• The breakout sessions start at 10:15 AM.
  • There will be a lunch break at 12:30 PM.
  • The General Session, including a keynote with Dave and Deb from ThePlanetD, starts at 2:40 PM.
  • Speed Dating (see more below) starts at 4:00 PM.
  • Expedia’s Viewing Party at Shopsy’s on Centre Island starts at 7:00 PM. Complimentary ferry transportation is provided – please RSVP via the email listed here, and you must bring your TBEX badge to get in!

DAY FOUR: TBEX (June 2, 2013)

  • TBEX registration is open from 8:00 AM – 12:00 PM.
  • The Morning Keynote with Erik Lindbergh starts at 8:45 AM.
  • The breakout sessions start at 10:15 AM.
  • There will be a lunch break at 12:30 PM.
  • Open Marketplace starts at 2:30 PM.
  • This Week in Travel Live with Chris Christensen, Gary Arndt, and Jennifer Leo starts at 4:45 PM, followed by an invitation to TBEX Europe in Dublin, Ireland, as well as closing announcements.
  • Our evening event starts at 7:00 PM (Time and location TBA).

DAY FIVE: Post-TBEX Toronto Experiences (June 3, 2013)

Other Events:

  • For those of you in town early, check out the G Adventures Party at Tryst Night Club on May 29, starting at 7:00 PM. Space is limited, and the event is full, but there’s a waiting list. Learn more and sign up here.
  • We’ll be holding a “newbie Q&A session” in the American Express Lounge on June 1 at 10:15 AM, directly following the morning keynote. If you’re new to TBEX, this is a great session to attend for TBEX information and to ask questions. More details are available here.

Speed Dating and Open Marketplace:

Miscellaneous Info and Announcements:

About Toronto:

Toronto Attendees on Twitter:

Follow TBEX via Social Media:

Travel Blog Exchange: Food Blogger Andrew Dobson Recommends Toronto Restaurants for Every Occasion


Andrew DobsonI met Andrew Dobson during a site visit to Toronto. His energy, love for the city, and fabulous food recommendations convinced me that he would be a great addition to our TBEX line up, as we expand our reach into the food and culinary niches. With the theme of “Eat Well, Travel Hard, Live Better”, Andrew’s blog Dobbernation Loves serves up slices of life and food around the world.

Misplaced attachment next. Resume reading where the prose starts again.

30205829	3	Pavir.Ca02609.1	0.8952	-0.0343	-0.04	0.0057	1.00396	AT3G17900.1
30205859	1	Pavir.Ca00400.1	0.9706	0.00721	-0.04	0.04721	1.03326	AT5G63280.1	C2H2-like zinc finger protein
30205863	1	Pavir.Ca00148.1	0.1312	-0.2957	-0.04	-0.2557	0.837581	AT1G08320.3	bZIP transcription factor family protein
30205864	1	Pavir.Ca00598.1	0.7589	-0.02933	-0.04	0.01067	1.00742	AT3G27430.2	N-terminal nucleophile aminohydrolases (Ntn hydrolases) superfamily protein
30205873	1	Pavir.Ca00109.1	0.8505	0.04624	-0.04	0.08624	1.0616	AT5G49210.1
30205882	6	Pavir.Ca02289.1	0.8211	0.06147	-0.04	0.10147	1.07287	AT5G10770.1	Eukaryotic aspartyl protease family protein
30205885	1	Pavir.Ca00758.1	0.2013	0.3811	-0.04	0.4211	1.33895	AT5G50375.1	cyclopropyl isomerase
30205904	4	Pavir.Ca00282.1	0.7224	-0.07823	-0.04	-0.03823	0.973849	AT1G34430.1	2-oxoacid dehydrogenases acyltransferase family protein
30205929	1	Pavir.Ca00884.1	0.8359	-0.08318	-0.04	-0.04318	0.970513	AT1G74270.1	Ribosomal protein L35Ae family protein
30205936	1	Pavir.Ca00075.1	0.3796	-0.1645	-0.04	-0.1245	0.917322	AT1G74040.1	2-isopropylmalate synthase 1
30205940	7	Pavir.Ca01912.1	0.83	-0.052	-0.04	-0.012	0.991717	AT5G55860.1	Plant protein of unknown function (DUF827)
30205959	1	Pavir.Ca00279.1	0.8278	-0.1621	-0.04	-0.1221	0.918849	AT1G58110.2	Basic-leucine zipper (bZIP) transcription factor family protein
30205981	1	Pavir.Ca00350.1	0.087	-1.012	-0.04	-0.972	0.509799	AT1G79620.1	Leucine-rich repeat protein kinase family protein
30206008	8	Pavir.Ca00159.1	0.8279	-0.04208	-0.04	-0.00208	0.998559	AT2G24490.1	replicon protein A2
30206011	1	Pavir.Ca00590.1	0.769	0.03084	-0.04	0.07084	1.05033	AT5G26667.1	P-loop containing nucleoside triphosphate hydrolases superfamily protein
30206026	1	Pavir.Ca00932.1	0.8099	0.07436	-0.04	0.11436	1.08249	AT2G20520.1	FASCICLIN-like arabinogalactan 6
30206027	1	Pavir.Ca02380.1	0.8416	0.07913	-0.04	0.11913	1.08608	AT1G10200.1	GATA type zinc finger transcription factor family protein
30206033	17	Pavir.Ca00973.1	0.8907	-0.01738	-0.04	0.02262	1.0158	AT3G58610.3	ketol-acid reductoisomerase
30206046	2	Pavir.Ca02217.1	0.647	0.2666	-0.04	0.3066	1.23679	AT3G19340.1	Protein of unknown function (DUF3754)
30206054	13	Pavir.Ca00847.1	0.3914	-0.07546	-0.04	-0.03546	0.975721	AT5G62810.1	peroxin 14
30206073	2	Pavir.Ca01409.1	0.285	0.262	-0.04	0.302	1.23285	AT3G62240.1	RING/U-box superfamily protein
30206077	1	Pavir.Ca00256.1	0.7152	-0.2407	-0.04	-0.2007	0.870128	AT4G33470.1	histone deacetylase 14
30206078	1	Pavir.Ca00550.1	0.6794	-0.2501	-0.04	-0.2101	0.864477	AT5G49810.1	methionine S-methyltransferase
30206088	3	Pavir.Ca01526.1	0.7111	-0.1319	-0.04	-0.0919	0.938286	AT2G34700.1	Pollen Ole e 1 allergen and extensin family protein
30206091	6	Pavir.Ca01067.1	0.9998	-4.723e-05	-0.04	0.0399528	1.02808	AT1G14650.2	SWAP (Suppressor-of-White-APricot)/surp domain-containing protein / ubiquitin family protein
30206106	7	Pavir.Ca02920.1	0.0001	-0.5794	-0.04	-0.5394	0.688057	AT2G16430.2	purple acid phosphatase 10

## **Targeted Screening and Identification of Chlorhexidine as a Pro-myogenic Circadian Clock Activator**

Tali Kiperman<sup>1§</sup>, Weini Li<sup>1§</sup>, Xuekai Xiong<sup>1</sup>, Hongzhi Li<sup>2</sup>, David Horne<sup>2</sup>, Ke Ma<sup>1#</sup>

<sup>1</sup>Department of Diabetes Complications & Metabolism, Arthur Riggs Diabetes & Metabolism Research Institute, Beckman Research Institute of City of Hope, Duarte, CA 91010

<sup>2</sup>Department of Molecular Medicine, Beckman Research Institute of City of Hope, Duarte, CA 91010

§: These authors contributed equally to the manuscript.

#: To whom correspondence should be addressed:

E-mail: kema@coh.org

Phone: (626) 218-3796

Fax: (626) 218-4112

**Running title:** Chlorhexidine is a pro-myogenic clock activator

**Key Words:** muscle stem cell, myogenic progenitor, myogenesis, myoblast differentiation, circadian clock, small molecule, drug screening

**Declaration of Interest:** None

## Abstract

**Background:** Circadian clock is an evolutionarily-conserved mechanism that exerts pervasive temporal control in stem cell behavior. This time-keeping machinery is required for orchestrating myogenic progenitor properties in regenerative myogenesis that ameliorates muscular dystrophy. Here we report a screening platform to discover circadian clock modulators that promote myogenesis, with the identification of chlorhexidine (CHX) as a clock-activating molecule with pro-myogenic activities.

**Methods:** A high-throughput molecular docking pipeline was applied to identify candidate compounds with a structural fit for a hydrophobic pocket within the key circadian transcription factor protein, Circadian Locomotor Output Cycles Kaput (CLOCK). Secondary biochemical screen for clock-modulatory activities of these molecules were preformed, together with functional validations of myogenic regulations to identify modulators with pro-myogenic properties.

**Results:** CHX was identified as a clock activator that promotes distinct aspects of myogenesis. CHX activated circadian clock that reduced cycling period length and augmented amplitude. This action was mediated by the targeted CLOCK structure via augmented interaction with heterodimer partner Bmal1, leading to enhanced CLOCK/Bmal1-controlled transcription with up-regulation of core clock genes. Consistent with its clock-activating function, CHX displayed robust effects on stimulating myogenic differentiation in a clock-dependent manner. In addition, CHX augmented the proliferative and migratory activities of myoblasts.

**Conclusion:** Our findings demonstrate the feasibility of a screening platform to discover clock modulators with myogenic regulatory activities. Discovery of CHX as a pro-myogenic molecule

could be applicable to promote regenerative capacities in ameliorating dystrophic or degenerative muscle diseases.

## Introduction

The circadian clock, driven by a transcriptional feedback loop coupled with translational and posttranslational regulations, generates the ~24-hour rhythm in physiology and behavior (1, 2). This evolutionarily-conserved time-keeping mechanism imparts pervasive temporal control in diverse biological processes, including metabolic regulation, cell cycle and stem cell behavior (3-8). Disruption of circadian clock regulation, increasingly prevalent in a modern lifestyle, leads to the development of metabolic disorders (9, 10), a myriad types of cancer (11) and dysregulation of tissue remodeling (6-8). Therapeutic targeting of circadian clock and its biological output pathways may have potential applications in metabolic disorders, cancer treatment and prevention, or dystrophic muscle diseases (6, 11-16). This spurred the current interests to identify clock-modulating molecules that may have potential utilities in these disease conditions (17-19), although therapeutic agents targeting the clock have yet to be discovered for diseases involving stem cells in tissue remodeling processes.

We have over a thousand people coming to Toronto for TBEX, many of them spending some extended time in the city. I know that everyone is looking for some great finds when it comes to food and drink, but everyone has different taste preferences and budget range. Since Andrew is my to-go food guy, I thought I’d ask him for some restaurant choices in a variety of different categories. Here are his recommendations:

For Bar Food:  Real Sports Bar and Grill has been ranked as North America’s best sports bar located right downtown beside the Air Canada Centre. The massive complex features hundreds of screens, a resident DJ and the world’s best wings. The space is absolutely massive, you really have to see it to believe it!

For Street Food:  The city’s top foodie fans gather once a month at The Don Valley Brickworks for an adult only food and beverage bonanza at the Toronto Underground Market (affectionately referred to as TUM). This popular community food initiative has created a space for home cooks and budding culinary champions to sell their Pop Up bits and bites to an eager crowd.

For Late Night Dining:  Party goers in the West End (and insomniacs with hunger pains) line up at the Toronto’s top poutine emporium into the wee hours of the night. Poutini’s has become somewhat of an institution focusing their efforts on feeding fry fans into the wee hours of the morning. The perfect spot to indulge in Canada’s signature dish courtesy of greasy spoons across Quebec.